“Pretend you have been blinded by the Brujo.”
Actually, just so he’s not alone, I pretended to be blinded by the Brujo in my backyard the other day. Kind of let out a very quiet “Ahh” under my breath, glanced around to make sure the neighbors weren’t watching, and then stumbled around for a few seconds with my arms out in front of me. Now, I’m in no position to give CHUD readers orders, so may I humbly suggest that you take a small portion of your day and do the same. Poor James Sikking and I can’t be the only people on planet Earth that have pretended to be blinded by the Brujo in bird form. We need rescuing from this very obscure and lonely fate.
“Pretend to be date-raped by the Brujo.”
Suzanne, you are on your own.
At the end of the film, the Brujo kidnaps the daughter to lure Leigh to him. He climbs with the enchanted, sleeping teen into the cliffs, puts her on a big rock, and then (Power #4) surrounds the rock with fire. Fucking Brujo! Oops, not so fast. Leigh tracks him down and, I shit you not, shapeshifts into a wolf and pushes the Brujo off of the cliff and kills him.
Allow me to restate for emphasis: Suzanne Somers shapeshifts into a wolf. Rick Baker obviously wasn’t consulted for this transformation scene because it’s this: They just kind of overlay a shot of a real wolf’s face over Suzanne’s. And then there’s full body shot of a wolf. Then I think a wolf puppet is thrown against the Brujo actor. And then, in the best shot of the movie, the Brujo is shown falling over a cliff, back first. And the camera is set up under him, so he falls towards the viewer. And, well, he is wearing chaps over his jeans. So that means that a) the Brujo went to Kohl’s or the mall or somewhere and bought chaps or b) he used his powers to conjure a pair of chaps or c) created the illusion of chaps on him. I’ll let you pick the saddest option. Shit, I guess d) he could have stolen the chaps or e) even made them. Any way you slice it, that’s Power #5. Of course, this helps distract from the real question here: Why didn’t he transform into a raven as he was fucking falling? Brujo, are you kidding me? Kind of makes me feel for him, the poor Brujo. Startled by the shapeshift, perhaps.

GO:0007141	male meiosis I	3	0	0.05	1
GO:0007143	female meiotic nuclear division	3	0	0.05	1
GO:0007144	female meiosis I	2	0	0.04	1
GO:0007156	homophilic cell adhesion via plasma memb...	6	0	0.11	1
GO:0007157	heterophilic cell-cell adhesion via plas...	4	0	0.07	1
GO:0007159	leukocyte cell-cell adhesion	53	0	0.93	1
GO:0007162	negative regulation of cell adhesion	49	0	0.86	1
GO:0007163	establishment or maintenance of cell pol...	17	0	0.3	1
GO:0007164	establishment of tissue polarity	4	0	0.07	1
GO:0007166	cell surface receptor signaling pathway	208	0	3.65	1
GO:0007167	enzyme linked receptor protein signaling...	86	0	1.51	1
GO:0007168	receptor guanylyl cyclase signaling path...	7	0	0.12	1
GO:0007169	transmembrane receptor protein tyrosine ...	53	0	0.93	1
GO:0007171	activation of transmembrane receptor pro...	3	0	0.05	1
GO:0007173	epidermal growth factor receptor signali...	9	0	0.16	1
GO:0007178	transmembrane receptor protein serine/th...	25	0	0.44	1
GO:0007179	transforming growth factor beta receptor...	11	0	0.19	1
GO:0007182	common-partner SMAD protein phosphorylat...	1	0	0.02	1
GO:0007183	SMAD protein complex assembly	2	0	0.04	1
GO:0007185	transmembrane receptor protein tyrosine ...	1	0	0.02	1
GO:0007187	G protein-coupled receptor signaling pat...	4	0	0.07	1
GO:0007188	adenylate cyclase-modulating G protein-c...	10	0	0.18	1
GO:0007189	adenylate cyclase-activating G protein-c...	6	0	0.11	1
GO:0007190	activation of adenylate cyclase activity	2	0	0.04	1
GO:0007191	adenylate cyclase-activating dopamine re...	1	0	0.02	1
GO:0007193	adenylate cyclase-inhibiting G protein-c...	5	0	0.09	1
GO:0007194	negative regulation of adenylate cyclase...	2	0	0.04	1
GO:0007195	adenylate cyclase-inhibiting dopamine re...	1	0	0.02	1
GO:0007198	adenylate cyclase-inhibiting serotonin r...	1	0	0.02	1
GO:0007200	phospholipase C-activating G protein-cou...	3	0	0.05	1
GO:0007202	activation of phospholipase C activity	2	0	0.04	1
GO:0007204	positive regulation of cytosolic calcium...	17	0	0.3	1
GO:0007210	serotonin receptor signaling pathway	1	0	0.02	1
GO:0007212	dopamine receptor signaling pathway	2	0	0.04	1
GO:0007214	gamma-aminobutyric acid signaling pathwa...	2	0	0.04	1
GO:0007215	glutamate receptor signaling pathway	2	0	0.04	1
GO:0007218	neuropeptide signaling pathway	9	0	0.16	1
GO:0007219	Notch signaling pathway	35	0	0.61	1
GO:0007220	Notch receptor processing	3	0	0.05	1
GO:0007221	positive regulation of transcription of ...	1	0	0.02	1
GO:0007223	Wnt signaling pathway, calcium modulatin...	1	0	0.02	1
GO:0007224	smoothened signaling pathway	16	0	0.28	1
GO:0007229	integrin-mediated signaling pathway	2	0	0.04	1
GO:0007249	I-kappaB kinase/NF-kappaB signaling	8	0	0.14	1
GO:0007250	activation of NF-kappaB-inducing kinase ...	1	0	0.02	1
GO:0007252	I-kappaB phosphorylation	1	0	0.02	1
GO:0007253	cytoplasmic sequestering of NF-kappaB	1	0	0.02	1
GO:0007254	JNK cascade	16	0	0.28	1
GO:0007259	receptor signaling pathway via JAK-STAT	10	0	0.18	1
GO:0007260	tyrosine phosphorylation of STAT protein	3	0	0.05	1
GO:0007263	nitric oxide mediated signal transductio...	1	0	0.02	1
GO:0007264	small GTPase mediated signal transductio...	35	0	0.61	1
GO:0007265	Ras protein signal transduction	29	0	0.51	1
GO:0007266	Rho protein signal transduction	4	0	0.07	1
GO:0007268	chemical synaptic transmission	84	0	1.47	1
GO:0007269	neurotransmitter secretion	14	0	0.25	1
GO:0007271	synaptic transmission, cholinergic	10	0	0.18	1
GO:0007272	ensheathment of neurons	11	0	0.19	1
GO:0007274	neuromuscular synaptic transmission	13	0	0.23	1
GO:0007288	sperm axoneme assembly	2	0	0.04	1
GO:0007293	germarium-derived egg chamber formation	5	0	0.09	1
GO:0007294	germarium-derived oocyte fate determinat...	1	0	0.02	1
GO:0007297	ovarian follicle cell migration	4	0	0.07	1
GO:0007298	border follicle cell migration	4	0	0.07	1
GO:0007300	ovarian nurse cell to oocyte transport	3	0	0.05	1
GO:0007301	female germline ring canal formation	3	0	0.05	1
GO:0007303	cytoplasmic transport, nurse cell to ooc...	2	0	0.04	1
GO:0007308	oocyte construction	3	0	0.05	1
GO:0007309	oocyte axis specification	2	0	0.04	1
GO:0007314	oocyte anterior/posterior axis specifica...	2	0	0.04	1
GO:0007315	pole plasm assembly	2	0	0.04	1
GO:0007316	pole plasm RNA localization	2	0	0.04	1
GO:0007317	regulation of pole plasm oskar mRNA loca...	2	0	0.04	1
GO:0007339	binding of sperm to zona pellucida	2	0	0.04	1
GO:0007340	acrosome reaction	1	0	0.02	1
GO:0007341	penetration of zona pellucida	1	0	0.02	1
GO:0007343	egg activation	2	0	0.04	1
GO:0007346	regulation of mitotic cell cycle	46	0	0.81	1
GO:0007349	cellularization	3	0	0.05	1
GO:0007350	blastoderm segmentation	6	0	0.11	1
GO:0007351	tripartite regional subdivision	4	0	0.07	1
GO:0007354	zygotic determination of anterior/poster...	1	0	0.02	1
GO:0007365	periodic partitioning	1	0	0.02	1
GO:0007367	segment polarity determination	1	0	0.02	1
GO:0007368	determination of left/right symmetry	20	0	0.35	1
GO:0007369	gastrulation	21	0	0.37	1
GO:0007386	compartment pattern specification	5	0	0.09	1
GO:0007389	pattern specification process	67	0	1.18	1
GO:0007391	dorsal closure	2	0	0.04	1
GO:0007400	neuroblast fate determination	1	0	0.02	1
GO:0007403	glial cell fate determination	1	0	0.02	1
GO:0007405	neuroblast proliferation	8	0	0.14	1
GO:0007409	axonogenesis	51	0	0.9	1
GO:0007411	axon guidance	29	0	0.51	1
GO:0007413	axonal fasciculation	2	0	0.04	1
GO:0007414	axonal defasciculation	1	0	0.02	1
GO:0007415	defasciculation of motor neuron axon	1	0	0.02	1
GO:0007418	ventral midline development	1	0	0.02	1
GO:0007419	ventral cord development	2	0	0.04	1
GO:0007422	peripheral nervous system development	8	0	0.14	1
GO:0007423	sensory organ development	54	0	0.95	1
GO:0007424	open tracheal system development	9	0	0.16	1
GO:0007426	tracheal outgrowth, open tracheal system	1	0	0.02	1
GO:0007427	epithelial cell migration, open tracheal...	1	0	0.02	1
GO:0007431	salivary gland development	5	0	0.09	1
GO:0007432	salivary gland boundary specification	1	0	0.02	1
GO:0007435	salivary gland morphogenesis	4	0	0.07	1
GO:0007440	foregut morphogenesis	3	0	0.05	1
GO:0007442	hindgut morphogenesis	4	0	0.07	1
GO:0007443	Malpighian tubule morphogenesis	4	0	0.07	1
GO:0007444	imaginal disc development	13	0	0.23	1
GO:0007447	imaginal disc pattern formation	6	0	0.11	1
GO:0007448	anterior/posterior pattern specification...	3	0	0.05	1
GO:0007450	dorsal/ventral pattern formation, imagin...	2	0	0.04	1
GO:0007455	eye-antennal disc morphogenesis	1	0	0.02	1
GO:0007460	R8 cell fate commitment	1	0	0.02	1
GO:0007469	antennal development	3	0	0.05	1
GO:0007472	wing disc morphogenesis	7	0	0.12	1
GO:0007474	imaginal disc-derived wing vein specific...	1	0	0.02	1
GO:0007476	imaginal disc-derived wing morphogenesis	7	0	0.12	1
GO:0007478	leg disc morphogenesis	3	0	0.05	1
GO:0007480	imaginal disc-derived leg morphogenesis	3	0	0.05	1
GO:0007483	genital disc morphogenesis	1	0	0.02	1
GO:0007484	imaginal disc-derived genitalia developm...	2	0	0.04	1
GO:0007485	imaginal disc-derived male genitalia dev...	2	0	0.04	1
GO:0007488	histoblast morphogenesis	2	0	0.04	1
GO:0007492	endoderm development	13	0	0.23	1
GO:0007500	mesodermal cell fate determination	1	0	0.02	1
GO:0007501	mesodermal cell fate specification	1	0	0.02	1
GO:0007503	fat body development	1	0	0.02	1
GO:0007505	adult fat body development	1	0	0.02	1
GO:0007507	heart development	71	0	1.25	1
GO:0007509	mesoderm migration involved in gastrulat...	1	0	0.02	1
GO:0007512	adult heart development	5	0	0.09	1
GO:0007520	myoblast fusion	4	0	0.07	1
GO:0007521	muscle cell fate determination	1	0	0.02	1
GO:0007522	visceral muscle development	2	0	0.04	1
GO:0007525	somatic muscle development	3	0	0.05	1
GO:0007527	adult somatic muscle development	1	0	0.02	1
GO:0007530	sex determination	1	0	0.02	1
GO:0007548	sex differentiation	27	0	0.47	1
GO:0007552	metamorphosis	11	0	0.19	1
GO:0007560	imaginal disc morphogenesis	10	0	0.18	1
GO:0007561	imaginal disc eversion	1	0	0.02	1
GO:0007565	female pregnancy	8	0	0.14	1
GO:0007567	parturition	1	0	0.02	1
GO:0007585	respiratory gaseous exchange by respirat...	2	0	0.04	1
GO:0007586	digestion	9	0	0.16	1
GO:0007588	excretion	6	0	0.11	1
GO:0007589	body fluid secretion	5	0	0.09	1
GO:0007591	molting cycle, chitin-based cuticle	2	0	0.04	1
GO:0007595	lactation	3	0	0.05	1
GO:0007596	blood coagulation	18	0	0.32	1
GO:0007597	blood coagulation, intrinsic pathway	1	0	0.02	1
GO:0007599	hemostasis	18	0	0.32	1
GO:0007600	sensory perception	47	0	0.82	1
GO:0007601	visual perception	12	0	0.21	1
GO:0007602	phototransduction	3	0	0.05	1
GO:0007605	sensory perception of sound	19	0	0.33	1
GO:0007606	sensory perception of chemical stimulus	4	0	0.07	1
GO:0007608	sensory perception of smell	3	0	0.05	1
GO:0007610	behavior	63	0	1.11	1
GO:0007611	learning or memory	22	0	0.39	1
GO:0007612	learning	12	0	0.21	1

Anyway, in honor of Halloween, here’s how you can create your very own Brujo costume:
- 1 pair of black leather chaps
- 1 pair of newish-looking jeans
- 1 leather coat with a shitload of fringe hanging from the sleeves
- 1 earring with feather and/or beads and/or rabbit’s foot dangling from it
- 1 pair of black boots
- 1 bird stuffed animal to leave on a chair while you “disappear” to the restroom
- 1 look of sadness because you made a Brujo costume
Introducing the Pieces of Movies (I’ve Caught Lately) End of the Column Contest
The first person to identify the featured movie line will win a prize. “What prize?” you ask. Now, don’t get too excited. It’s going to be a prize I win from the Bouncy Ball pinball machine that I play in the pizza place by my work. If you can hit the plunger in the middle eight times before your ball disappears into the depths of the machine, you win the super prize. If you don’t manage to hit it the requisite number of times, you just get a bouncy ball. (Bragging) I am awesome at it. “Why not send this super prize to a lucky CHUD reader?” I ask myself. So, here’s the line:
“Sometimes I think you like that elephant more than you like me.”
If you know the line or think you might, send your name, address, and the name of the movie that contains the line to firstname.lastname@example.org.
Good luck! And thanks for reading. Sleeping with the Enemy (originally titled Bergin: Sleeping with the Enemy) will be discussed in the next column.